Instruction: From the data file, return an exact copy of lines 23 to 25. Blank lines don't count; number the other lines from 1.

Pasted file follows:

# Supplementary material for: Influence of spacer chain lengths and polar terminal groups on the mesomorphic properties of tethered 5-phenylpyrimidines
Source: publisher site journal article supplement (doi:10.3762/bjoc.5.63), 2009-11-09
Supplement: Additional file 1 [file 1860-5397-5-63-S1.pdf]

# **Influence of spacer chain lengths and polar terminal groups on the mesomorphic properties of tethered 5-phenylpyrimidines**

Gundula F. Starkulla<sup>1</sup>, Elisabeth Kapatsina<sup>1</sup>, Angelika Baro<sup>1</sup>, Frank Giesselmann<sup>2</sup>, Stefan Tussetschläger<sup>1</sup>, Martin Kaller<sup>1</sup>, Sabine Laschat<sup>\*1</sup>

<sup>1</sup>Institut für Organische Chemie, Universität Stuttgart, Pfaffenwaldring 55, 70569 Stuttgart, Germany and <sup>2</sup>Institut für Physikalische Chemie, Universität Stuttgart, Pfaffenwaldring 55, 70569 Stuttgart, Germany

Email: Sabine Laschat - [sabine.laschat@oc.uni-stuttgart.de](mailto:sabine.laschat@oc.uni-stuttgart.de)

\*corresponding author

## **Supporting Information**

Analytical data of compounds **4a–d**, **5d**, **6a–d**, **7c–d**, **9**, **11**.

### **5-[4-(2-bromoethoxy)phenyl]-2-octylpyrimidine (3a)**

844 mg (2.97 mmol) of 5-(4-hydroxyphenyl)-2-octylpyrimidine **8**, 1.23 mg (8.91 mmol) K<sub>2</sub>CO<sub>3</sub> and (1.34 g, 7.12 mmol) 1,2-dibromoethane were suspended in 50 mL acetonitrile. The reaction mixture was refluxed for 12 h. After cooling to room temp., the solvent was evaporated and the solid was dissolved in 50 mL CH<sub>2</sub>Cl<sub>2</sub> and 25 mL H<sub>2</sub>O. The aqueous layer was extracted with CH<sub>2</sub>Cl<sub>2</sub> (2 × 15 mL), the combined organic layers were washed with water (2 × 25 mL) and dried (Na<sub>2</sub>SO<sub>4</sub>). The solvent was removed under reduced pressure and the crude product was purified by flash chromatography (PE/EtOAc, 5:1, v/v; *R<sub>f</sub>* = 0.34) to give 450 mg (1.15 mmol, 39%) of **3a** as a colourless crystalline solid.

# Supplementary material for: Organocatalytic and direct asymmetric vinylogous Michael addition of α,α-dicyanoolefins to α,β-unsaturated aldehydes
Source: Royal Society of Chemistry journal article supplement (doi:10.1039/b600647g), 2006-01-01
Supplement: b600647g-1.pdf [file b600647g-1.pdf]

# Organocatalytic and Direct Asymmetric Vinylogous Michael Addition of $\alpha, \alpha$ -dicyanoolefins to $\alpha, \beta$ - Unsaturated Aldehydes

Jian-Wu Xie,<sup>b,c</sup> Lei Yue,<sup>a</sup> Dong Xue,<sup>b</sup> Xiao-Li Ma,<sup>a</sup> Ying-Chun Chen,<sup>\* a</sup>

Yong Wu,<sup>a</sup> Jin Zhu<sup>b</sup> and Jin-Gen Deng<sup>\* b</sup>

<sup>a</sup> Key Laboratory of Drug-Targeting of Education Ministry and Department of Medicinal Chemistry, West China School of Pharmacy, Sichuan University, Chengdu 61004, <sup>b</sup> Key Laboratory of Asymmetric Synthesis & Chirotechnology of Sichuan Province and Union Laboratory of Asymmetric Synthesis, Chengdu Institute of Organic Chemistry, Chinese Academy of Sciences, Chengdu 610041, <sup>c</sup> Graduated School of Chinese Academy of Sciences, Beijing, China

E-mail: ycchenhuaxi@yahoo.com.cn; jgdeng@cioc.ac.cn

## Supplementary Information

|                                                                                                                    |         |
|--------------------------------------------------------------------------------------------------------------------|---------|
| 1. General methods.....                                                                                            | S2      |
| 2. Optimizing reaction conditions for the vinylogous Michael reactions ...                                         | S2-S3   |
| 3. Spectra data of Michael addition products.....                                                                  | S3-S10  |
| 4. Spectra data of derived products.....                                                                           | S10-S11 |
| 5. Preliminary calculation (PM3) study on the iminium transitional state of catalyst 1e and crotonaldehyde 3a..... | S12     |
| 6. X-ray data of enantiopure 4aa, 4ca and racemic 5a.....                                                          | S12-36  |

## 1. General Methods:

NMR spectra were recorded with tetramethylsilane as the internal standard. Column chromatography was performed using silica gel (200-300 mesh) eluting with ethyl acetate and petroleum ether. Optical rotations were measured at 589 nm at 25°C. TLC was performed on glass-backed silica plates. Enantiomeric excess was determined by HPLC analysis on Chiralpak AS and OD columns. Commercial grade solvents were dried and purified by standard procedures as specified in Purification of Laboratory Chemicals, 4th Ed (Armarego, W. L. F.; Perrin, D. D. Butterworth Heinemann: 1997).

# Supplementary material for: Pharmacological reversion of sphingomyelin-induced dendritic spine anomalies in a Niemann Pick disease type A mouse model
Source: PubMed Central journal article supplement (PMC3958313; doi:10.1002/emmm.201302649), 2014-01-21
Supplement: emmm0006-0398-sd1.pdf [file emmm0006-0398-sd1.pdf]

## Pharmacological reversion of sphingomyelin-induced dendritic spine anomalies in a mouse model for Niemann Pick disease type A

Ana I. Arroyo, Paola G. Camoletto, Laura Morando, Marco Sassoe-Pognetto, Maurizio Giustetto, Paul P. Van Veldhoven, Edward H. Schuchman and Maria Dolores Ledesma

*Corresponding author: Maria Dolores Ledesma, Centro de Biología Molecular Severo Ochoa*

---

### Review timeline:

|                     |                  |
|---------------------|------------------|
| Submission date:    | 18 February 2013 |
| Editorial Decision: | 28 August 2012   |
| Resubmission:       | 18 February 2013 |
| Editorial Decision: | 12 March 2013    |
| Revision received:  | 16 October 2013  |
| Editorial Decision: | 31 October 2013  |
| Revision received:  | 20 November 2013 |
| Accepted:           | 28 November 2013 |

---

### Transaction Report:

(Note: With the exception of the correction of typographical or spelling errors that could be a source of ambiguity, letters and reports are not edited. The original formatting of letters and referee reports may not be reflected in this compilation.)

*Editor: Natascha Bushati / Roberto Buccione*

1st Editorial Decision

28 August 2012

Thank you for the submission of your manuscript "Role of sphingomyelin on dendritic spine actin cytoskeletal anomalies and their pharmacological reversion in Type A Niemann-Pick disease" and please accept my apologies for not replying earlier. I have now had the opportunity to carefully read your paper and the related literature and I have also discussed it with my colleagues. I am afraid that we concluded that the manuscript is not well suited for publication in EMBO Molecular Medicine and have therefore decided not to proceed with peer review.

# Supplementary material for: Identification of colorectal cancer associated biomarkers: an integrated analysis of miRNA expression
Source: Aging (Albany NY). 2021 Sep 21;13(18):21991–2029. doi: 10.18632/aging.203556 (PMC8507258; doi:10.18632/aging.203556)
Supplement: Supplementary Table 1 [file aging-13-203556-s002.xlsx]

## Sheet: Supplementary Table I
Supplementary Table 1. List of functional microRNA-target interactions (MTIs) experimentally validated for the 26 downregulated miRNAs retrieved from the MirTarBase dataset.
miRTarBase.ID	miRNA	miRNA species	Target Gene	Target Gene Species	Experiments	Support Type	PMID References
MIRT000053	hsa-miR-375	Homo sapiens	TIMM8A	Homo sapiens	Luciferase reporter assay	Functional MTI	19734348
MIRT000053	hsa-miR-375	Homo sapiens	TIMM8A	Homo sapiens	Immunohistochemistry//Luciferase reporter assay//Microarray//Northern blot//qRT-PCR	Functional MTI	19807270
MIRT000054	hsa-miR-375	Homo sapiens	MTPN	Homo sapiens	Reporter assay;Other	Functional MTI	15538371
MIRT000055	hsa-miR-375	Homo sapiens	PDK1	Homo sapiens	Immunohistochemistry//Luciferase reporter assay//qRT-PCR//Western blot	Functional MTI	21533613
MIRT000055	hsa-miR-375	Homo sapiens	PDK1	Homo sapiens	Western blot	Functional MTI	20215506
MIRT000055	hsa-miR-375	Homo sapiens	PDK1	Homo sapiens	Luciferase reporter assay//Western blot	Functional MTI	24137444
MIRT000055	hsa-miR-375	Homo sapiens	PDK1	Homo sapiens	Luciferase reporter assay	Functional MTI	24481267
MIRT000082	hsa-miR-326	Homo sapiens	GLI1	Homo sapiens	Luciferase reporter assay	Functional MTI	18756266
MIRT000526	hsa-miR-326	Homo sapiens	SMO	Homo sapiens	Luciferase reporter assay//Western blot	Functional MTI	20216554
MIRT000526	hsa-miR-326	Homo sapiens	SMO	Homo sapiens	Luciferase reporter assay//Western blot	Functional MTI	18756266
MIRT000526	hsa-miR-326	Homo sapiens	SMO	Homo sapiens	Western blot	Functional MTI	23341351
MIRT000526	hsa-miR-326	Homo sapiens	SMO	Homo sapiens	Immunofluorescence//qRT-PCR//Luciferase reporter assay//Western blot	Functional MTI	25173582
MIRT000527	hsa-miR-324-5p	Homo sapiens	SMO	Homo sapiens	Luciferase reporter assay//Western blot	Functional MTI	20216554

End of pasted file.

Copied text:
|--------------------------------------------------------------------------------------------------------------------|---------|
| 1. General methods.....                                                                                            | S2      |
| 2. Optimizing reaction conditions for the vinylogous Michael reactions ...                                         | S2-S3   |